Residents of a village in southern China who staged a protest over land and a suspicious death said yesterday they would not buckle, despite rumors that riot police were poised to quell their protest that has upstaged the ruling Chinese Communist Party (CCP).
For a week, the semi-urban village of Wukan, Guangdong Province, has driven off officials and police, and held daily protests attracting thousands of residents outraged by the death in custody of Xue Jinbo (薛錦波), an organizer of a months-long campaign over former farmland that residents say was taken illegally.
Although they have denounced local officials, the residents said they held out hope that the central government would step in and redress their grievances over Xue’s death and the swathe of former farmland they said was seized for development.
However, many also said they were braced for a crackdown and village men guard barricades to block police.
“If they have guns, we have rocks,” a villager surnamed Li said. “If they want us to die, it’s OK too. We don’t have any land left anyway.”
At night, 50 or so men stood watch at a road turnoff leading into the besieged village and solemnly said how they would defend against a crackdown, certain it would come.
“Because of this land, we are not afraid to die,” another villager surnamed Lin said. “We’ll fight them to the death. If our village wasn’t so united, this would not be possible.”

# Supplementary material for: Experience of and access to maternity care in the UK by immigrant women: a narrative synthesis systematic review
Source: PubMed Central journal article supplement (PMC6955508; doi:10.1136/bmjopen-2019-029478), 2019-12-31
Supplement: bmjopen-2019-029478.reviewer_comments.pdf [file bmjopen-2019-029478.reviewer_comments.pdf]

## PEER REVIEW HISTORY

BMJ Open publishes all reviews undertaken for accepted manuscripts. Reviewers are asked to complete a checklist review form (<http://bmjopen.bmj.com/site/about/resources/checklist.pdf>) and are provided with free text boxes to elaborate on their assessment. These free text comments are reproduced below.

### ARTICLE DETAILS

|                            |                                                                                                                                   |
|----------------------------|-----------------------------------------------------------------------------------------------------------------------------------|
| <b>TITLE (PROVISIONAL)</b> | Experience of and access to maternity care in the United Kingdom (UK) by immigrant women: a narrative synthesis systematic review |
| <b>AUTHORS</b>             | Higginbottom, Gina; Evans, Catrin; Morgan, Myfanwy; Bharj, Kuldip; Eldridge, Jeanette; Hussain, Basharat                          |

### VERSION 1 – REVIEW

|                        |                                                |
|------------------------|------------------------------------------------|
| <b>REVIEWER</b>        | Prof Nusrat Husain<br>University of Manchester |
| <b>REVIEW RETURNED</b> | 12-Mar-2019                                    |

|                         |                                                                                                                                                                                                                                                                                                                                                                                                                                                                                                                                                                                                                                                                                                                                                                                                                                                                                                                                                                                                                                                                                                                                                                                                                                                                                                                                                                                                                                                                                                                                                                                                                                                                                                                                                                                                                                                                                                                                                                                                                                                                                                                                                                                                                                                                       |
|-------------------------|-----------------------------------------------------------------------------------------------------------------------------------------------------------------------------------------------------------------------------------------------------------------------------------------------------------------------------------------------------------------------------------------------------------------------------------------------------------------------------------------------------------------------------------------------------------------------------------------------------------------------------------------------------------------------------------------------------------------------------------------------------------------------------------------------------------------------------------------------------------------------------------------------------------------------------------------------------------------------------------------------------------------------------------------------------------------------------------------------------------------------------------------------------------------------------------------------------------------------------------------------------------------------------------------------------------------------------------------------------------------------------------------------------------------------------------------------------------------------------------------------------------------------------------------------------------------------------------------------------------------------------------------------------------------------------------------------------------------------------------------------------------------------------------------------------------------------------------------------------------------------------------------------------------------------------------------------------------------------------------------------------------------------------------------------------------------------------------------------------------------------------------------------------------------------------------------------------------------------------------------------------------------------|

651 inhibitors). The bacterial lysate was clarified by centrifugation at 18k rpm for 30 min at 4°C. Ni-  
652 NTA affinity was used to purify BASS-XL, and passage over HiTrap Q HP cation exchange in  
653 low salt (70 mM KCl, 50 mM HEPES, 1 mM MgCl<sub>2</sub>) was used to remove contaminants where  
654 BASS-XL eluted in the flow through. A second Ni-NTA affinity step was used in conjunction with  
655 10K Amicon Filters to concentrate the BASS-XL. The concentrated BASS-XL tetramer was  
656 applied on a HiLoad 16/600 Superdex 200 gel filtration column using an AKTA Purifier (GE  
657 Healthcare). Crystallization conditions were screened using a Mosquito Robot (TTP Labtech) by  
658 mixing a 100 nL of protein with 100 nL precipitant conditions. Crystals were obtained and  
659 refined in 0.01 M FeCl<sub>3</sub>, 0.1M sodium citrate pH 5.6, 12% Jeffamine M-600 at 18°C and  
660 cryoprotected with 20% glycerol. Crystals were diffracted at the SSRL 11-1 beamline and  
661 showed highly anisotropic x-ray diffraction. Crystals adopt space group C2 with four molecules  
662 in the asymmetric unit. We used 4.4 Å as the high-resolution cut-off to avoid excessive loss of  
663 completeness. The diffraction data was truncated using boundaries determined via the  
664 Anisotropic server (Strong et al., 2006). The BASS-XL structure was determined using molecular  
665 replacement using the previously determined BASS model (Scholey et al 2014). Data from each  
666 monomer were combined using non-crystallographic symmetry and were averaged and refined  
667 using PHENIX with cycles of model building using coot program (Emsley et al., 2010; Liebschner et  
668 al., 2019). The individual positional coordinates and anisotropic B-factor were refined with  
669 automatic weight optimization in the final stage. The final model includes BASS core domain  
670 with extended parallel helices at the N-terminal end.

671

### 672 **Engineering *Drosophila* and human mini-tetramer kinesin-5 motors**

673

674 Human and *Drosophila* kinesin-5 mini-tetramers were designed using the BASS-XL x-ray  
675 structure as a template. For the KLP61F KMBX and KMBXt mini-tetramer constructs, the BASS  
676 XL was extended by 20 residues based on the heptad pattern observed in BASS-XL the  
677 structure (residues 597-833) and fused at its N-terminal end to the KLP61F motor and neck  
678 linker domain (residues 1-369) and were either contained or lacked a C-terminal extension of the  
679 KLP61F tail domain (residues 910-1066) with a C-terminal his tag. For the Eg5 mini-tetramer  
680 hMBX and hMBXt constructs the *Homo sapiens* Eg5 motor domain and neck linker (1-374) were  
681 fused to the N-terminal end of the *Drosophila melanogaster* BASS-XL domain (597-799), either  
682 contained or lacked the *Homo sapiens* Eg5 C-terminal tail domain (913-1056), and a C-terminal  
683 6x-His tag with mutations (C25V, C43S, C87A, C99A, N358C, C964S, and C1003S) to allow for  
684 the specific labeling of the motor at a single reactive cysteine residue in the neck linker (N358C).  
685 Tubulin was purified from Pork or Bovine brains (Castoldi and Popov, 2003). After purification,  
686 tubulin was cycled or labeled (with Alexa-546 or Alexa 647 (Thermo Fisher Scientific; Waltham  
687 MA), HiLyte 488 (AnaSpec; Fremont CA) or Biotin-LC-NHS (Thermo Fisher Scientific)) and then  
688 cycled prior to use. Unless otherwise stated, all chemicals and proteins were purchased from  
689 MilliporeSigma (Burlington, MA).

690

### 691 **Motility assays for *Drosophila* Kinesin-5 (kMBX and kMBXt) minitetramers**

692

On deserted roads, men on motorcycles patrolled with sticks in their hands.
“We can’t sleep well at night, we know they will snatch the village representatives,” a villager surnamed Zhu said.
Chinese President Hu Jintao (胡錦濤), set to retire late next year, has made building a more “harmonious society” a centerpiece of his government.
Although protests such as Wukan’s do not threaten the CPP’s power, they lay bare discontent against corruption, land seizures and official highhandedness that corroding party authority at the grassroots.
Residents say hundreds of hectares of land was acquired unfairly by corrupt officials in collusion with developers. Anger in the village boiled over in September after repeated appeals to higher officials. Residents ransacked a government office and skirmished with police.
The government of Shanwei, the area including Wukan, said last week that some CCP members and officials accused of misdeeds over the disputed land were detained and that the main land development project had been suspended.
However, villagers’ fury has turned to Xue’s death — which the government has said was caused by a heart attack, not physical abuse — and demands that officials hand his body over to his family.
Yet villagers also spoke longingly of their desire for the central government to intervene and took pains to emphasize that their calls for democracy and elections are directed at the local government and not communist leaders in Beijing.
“We trust in the central government,” a villager said. “Why should the central government persecute us villagers? The central government is the farmers’ parents.”
At one house, bags of rice were stockpiled — donations from wealthy villagers to be distributed to the other villagers.
Despite the looming threat of a crackdown, there was little palpable fear on the streets. People went about their business in the narrow alleys and children played.